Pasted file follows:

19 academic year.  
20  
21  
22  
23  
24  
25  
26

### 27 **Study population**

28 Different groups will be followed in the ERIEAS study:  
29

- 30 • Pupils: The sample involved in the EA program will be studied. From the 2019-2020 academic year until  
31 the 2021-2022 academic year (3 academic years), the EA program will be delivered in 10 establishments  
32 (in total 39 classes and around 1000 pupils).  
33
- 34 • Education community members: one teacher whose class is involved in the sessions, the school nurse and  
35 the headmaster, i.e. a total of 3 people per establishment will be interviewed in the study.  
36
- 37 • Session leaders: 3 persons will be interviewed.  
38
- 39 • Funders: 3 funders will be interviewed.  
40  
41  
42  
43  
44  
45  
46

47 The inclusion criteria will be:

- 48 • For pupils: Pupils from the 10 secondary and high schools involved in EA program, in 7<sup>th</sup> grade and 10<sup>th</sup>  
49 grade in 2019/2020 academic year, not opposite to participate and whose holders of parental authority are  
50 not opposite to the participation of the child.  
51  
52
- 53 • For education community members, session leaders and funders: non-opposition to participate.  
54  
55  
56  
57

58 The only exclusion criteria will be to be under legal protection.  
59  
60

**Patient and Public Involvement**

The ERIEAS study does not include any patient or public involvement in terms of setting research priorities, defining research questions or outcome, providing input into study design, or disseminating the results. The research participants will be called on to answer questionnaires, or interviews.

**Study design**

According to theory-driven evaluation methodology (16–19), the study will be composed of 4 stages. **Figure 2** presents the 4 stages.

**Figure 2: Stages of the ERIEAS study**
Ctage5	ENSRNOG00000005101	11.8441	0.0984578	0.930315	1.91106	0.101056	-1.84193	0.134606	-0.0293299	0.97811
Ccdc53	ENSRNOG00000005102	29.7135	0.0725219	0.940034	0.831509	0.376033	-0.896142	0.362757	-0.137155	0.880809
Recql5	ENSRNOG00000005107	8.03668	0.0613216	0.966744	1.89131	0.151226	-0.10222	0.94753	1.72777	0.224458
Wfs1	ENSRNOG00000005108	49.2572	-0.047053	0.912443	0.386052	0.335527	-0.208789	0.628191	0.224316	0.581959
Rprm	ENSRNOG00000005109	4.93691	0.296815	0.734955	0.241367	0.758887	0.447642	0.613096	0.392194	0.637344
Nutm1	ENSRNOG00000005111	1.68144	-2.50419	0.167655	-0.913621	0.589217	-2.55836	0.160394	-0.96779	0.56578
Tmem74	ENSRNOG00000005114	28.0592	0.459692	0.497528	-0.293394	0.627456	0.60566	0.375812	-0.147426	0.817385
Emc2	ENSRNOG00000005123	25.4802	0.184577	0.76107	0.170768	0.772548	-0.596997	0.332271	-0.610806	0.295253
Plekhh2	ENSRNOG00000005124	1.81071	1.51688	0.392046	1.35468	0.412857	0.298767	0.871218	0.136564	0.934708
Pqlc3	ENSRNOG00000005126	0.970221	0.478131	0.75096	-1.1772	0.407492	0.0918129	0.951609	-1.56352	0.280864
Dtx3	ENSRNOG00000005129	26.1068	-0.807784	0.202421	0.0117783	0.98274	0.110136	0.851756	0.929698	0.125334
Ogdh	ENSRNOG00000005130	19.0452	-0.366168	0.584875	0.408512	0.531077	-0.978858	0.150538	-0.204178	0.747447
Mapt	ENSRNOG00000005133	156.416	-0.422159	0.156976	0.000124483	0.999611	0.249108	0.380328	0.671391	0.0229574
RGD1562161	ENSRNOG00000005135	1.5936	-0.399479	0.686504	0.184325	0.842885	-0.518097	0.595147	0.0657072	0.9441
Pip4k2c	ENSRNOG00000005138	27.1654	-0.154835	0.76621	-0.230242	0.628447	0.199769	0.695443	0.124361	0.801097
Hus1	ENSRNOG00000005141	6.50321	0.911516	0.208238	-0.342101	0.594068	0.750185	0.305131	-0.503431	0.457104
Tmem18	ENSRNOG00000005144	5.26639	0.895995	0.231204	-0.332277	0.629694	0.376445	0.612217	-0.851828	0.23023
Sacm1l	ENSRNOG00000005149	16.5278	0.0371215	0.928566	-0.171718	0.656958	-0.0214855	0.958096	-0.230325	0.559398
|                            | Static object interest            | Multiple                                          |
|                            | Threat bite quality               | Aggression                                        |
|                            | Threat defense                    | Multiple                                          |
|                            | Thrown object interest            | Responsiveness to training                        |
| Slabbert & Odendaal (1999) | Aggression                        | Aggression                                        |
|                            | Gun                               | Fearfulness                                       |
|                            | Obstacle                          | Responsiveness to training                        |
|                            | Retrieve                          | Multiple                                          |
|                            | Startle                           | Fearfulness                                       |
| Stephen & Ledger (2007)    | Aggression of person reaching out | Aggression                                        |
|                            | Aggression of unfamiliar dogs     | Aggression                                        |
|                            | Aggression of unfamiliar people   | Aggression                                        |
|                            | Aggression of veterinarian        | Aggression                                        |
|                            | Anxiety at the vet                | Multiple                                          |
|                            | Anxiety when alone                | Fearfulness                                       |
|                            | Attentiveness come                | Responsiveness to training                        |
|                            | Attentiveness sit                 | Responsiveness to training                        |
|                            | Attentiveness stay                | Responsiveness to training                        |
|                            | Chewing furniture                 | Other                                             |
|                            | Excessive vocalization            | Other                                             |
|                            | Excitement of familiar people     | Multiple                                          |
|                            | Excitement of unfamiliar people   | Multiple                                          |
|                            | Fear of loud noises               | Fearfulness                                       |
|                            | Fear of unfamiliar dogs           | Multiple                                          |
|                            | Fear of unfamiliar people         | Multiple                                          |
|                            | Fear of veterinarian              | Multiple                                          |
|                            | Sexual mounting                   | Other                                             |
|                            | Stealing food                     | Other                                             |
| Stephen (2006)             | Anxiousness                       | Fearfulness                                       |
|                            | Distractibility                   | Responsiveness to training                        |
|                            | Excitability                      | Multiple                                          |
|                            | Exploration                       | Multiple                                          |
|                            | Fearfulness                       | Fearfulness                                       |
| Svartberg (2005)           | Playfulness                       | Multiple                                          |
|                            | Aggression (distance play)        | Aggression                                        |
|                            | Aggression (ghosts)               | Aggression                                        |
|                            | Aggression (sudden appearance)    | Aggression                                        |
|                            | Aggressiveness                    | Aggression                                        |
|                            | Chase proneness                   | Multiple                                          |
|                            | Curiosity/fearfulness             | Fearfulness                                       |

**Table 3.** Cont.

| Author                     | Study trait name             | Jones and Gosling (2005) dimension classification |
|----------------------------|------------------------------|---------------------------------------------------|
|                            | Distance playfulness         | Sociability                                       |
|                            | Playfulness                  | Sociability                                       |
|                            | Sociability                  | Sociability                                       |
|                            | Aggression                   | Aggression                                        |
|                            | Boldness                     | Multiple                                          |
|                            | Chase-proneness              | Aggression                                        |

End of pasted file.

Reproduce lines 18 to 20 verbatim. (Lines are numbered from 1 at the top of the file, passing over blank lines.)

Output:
36
- 37 • Session leaders: 3 persons will be interviewed.  
38